Probably a few examples will cull out the crux of this write-up before we even start up with the explanation. Have you ever gone through sentences that at the first glance look absurd and at the second read seem absolutely hilarious? There is nothing so funny about the sentences in themselves but the tricky grammatical and spelling errors make them a blunder. Take for example, ‘Let’s Eat Grandpa’ without a comma that should have been placed before ‘Grandpa’.
Another example that strikes my mind as I explain the significance of the comma is that of a book titled “Eats Shoots and Leaves”. Look at the brilliance of the sentence (or if I may call it the brilliance of punctuation) that theses three words can be interpreted in three different ways owing to editing and punctuation or for that matter the lack of them. Say for example, ‘Eats, shoots, and leaves’, and/or, ‘Eats, shoots and leaves’.
Someone once said that that most of the writing is rewriting, and that’s how I derive the nuances of editing. The subject matter in a rough form takes the shape of the first draft that must be worked upon again for bringing out more refined work. Editing is something that comes into play during the rewriting phase. Broadly speaking there are three arenas that editing comprises of. These include copy editing, proof reading and structural editing.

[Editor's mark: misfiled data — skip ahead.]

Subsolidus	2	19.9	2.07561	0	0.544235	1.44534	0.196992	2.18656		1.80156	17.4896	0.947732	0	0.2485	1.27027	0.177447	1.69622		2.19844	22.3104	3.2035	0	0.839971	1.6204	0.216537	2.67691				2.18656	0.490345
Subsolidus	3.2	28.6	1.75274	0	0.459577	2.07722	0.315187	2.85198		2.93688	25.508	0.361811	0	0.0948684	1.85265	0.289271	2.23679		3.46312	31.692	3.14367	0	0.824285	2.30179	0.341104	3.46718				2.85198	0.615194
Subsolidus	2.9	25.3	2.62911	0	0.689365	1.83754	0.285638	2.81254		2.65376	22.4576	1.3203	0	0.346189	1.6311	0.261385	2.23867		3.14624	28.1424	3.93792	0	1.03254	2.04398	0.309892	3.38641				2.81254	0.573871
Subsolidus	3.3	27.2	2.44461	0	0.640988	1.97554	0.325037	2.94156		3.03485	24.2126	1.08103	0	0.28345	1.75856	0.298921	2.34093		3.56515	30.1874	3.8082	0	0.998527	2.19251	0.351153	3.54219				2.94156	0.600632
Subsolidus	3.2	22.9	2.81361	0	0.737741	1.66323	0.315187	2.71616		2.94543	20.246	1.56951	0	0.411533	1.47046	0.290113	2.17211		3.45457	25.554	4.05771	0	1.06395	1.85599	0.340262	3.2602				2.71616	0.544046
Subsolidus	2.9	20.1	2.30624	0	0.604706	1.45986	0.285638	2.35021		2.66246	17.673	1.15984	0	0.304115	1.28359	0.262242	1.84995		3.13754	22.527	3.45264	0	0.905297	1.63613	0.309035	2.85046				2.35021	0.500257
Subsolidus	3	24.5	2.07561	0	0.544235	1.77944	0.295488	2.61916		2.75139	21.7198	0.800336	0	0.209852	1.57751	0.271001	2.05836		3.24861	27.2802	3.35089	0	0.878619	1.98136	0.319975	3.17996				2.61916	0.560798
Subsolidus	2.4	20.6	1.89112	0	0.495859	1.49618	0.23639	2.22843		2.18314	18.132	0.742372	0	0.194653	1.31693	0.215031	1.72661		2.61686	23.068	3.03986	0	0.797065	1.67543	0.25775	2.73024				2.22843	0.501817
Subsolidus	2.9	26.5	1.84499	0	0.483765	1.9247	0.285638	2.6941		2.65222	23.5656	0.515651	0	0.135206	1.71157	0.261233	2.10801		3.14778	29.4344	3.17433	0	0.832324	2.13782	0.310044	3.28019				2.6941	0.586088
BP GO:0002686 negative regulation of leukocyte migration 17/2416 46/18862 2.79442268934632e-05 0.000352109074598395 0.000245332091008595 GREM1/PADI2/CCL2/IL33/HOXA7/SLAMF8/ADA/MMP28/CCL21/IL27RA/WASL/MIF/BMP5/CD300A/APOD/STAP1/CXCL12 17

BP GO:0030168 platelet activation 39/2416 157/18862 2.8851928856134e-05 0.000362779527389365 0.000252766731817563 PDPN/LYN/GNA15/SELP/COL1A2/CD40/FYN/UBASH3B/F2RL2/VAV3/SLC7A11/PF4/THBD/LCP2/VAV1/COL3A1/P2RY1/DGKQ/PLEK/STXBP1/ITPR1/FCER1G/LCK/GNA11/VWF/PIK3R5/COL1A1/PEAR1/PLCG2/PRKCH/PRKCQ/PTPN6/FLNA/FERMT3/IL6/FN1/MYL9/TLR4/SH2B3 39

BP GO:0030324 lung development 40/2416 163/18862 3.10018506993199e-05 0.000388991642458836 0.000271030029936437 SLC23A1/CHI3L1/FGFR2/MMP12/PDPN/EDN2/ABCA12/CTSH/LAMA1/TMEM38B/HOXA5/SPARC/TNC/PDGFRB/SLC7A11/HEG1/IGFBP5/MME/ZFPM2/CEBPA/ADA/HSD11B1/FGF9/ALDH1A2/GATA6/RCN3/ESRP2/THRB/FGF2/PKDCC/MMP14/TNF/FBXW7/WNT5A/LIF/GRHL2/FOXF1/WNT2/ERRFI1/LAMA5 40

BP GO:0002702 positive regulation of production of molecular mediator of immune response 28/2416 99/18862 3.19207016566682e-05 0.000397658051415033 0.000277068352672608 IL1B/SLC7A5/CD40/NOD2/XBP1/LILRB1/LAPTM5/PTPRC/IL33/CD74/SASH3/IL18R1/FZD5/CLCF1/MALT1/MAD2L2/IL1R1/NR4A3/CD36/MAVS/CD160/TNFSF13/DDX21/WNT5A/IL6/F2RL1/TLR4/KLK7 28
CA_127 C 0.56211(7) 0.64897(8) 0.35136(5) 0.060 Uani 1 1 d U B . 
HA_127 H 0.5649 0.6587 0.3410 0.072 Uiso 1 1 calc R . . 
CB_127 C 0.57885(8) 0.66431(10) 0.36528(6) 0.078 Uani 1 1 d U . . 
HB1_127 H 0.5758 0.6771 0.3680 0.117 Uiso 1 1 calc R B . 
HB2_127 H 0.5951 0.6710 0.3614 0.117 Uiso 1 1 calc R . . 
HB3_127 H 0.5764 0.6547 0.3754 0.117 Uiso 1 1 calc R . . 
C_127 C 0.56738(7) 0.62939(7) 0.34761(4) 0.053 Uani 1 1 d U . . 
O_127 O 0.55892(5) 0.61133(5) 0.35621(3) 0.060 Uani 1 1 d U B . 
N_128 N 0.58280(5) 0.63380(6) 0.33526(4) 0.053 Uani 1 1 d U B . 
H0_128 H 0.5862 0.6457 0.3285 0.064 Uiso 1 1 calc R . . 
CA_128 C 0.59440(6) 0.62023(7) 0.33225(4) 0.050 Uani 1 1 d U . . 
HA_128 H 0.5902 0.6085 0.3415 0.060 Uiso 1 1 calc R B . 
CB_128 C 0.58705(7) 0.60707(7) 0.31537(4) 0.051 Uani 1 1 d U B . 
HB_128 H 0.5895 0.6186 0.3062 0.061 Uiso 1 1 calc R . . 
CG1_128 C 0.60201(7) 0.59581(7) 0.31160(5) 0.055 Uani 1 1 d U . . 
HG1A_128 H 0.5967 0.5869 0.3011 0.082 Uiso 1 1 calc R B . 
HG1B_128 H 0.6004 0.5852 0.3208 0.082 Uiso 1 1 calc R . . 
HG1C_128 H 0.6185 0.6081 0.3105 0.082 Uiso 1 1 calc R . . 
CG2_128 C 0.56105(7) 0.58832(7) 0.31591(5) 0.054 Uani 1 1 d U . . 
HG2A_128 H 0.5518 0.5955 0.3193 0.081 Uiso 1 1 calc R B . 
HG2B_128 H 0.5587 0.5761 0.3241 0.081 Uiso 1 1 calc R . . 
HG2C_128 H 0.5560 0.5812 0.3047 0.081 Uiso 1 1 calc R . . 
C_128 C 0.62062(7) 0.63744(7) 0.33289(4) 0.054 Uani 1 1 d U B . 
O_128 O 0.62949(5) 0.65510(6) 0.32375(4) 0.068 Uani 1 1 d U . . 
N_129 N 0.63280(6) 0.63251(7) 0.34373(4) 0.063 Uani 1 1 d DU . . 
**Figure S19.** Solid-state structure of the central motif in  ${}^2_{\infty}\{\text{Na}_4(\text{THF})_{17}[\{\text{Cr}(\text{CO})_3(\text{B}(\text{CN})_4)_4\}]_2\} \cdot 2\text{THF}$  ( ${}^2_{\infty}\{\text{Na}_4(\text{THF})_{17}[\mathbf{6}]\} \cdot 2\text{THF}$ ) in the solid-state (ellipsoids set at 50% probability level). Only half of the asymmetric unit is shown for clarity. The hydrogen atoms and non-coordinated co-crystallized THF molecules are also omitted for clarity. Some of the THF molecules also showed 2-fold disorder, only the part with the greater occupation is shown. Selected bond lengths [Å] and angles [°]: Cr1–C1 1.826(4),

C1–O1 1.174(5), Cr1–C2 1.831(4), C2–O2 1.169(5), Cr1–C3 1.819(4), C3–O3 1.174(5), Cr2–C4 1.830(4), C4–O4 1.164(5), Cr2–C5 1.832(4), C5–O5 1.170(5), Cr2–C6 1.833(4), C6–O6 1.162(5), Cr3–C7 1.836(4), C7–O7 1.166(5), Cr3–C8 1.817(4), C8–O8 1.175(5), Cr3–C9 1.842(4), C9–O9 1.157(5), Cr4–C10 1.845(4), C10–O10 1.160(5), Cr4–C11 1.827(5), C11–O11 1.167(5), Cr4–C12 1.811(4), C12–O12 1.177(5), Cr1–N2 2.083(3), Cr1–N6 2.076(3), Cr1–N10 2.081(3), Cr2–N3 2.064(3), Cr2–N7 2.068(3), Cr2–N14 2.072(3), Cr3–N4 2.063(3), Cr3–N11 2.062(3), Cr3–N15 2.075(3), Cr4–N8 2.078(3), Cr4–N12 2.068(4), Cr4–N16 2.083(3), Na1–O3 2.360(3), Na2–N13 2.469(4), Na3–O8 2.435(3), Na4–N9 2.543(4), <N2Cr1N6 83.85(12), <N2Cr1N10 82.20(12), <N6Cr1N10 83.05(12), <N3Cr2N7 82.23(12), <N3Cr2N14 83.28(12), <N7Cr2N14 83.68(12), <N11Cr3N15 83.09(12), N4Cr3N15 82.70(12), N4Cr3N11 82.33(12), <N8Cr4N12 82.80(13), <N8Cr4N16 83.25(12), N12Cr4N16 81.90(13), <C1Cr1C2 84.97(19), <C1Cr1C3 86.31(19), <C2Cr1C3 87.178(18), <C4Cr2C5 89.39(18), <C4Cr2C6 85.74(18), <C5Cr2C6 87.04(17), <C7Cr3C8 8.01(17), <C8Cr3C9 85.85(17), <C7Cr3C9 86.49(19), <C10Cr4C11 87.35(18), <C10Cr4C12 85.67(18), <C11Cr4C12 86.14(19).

Even though editing is a fluid process, all writers are not born with the editing germ in them. A few mature to the level of making their work error-free and some are born with a microscopic vision as well as a clear and organized thought process. The later make extremely efficient copy editors, proofreaders as well as language editors.
Editors are experts in language and refurbish your work in a manner that it fits your audiences’ need precisely. So be it content for marketing, academic purposes, financial analysis or concerned with dissertation, an editor gives it the right tone, language, style and direction. An editor makes sure that there is no redundancy and repetition in the work and that the document is free of all errors. As Mark Twain puts it, “Substitute “damn” every time you’re inclined to write “very”; your editor will delete it and the writing will be just as it should be”.